I am very, very fortunate not to have much brain fog or cognitive dysfunction. If I am severely crashed (which is more rare now), then I feel it, but most days I function pretty normally mentally, other than word-finding difficulty (I think that’s called aphasia) – not a good condition for a writer – thank goodness for built-in thesaurus!

    Good luck with orientation day – I’ll be thinking of her!

    Sue

  2. Annie Says:

    I’m glad you don’t have to struggle with too much ‘brain fog’, Sue. Yes, our girl has trouble finding words for things but it’s not too severe thank goodness. Concentrating seems to be the hardest thing. Just need to learn strategies to deal with this I guess. Hope your day goes well.

  3. Brain fog – I’m sorry to say I definitely get this, I’ll try and describe it and how I cope.

    I didn’t have any to start with and then it slowly crept in and now I only notice to what extent it affects me when it’s gone. So yes it is a scary symptom but like all me/cfs symptoms it seems to wax and wane so I don’t think any permanent damage is done.

    Brain fog not quite the same as normal exhaustion tiredness foggy thinking but it’s not too different. It feels a bit like being tipsy and trying to do something complicated. A bit like when you’ve had a glass too many and suddenly realise no one else is drinking and you need to try very hard to sound normal and not fuzzy. I guess that isn’t something Harriet can relate to but that is sort of how it feels. 🙂

    Sometimes it’s really hard to concentrate, everything is a bit further away than usual. I can only hold one thing in my mind at once and only turn it around very slowly. So it’s important that people only talk to me about one topic at a time and not make big jumps in conversation because I will be left behind.

    I find that my slow speaking, chilled out brother is the easiest person in my family to talk to because there are no sudden twists or turns.

    Brain fog also seems to affect my decision making ability and that can get me into trouble because I have a hard time ‘deciding’ that I need to rest or change activities. To try and help nip that in the bud, I think it is important to set deadlines /limitations and checkpoints throughout the day. eg if my heart rate is over x at y o’clock then I won’t do y. No more than 2x20mins on the computer at a time.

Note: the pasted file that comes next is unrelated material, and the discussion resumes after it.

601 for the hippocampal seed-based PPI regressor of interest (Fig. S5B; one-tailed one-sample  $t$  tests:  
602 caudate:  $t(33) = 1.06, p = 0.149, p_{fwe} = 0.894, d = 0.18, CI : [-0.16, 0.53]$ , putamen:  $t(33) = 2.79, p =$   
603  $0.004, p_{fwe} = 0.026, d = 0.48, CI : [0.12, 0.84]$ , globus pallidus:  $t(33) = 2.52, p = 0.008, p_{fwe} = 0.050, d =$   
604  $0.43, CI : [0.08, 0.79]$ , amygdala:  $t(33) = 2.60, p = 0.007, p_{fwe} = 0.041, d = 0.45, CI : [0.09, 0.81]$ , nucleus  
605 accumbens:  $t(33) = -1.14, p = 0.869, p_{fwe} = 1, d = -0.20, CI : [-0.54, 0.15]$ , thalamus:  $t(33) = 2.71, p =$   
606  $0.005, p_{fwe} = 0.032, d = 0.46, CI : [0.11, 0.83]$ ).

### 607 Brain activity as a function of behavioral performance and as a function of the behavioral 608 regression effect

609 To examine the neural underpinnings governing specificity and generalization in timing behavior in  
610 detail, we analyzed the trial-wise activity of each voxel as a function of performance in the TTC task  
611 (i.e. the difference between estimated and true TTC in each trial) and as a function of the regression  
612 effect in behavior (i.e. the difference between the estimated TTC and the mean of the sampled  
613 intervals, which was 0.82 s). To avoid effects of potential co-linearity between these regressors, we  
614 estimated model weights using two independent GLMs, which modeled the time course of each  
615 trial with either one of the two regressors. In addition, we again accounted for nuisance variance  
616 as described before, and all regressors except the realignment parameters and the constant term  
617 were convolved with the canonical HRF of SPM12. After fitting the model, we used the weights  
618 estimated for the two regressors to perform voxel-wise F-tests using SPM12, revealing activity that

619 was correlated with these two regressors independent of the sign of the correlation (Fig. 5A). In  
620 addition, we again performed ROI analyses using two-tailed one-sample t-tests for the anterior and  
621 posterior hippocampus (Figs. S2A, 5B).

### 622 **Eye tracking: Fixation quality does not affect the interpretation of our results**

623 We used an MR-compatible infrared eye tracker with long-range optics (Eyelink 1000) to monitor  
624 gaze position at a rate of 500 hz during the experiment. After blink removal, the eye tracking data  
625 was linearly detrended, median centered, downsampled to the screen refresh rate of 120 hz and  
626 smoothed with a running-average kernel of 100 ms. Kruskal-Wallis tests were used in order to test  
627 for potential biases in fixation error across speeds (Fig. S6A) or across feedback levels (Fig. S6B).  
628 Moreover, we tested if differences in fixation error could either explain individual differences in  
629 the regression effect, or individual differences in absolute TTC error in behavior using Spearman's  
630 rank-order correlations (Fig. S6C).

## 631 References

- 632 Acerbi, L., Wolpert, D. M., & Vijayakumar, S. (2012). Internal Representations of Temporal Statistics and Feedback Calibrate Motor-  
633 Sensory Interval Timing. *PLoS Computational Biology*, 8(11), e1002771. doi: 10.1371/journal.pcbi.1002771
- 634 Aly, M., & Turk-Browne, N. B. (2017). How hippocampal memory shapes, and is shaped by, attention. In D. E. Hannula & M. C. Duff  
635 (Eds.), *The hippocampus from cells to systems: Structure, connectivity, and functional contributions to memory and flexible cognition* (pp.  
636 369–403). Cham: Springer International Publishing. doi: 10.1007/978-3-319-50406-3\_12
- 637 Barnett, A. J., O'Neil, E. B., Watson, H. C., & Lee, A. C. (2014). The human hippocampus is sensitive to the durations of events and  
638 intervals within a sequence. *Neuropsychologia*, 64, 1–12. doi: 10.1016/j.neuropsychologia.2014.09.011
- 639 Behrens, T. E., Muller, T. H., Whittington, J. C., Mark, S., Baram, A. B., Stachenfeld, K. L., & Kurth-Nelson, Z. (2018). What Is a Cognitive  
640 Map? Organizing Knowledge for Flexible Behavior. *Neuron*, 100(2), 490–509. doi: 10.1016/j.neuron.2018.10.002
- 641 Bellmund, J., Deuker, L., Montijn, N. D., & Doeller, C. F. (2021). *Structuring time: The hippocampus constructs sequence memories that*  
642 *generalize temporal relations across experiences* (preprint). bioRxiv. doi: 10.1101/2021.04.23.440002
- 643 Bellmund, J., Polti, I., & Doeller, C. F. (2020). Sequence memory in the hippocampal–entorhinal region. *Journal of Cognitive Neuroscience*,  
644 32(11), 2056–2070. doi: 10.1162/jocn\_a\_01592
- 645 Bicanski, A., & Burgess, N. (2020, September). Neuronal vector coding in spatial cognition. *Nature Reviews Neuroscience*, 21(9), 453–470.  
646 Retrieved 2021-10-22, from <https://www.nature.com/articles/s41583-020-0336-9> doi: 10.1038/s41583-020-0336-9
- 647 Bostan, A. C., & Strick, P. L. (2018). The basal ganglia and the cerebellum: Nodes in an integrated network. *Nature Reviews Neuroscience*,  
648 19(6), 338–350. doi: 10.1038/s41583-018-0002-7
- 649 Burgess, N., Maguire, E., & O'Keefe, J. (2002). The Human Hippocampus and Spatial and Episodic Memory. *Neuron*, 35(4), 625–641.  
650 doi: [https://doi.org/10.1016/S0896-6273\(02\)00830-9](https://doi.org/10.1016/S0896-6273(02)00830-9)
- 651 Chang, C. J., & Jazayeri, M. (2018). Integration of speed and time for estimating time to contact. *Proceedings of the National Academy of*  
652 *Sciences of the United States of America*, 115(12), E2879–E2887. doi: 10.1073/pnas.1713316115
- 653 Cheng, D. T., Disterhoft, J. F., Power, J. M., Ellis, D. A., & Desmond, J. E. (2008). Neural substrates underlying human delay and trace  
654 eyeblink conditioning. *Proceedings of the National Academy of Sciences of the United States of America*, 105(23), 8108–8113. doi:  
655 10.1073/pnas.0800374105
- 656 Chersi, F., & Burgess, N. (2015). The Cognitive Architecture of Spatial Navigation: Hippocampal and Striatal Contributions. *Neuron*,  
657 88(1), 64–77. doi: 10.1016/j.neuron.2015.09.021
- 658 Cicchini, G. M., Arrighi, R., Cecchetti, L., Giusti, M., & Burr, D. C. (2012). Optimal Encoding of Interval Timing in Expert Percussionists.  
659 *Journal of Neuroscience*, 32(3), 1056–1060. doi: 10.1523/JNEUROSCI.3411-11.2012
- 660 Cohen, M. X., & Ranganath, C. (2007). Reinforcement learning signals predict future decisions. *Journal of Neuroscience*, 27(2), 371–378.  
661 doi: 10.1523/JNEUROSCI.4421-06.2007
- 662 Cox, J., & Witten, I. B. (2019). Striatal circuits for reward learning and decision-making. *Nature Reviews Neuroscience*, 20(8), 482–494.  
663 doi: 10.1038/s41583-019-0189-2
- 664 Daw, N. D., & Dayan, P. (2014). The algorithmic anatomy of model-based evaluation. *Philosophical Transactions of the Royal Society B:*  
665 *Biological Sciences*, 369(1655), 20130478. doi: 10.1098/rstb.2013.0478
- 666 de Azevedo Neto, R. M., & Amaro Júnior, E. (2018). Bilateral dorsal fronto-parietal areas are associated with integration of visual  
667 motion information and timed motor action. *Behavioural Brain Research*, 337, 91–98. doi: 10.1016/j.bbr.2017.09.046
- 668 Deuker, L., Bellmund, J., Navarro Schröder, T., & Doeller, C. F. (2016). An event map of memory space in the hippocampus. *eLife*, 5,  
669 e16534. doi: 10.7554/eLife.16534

Sometimes even the simplest questions can be too much, ‘what time do you want dinner 6 or 7? – and it’s like my brain just doesn’t know how to begin processing an answer.

    Other times when it’s really really bad, I feel like I can only make it halfway through a thought, like the second half is just too much effort. (like a long series of brain farts – to put it not very delicately) That’s usually a good time to turn on a guided meditation cd.

    Then at other times, I am almost back to normal. Like right now.

    Lately I have been listening to Jack Kornfield guided meditation cd’s (from the library) and they really help. It might be a good thing to put on an ipod for Harriet before school starts. High school can be stressful and she may need some relaxation techniques if she is ever by herself and resting at school. It would just look like she was listening to music.

    I hope this is helpful and not too scary. I am at a different place with M.E. than Harriet so it may not be really relevant.

    Good luck.

  4. Annie Says:

    Sarah, thanks so much, that’s a great explanation and helps me understand a lot better. I have learnt that when H is down she doesn’t like to make choices like your 6 or 7 example so obviously that is a similar feeling for her. It’s great that your brother’s laid back style make sit easier to converse! I would like H to place some of the limitations like you do but again this is something where I have to accept it is not my body and I can only recommend things. She self regulates fairly well at the moment thank goodness. Relaxation tapes for school waiting are a great idea – thanks!
    Appreciate you taking the time and effort for a long description Sarah. Hope it has been one of the better days : )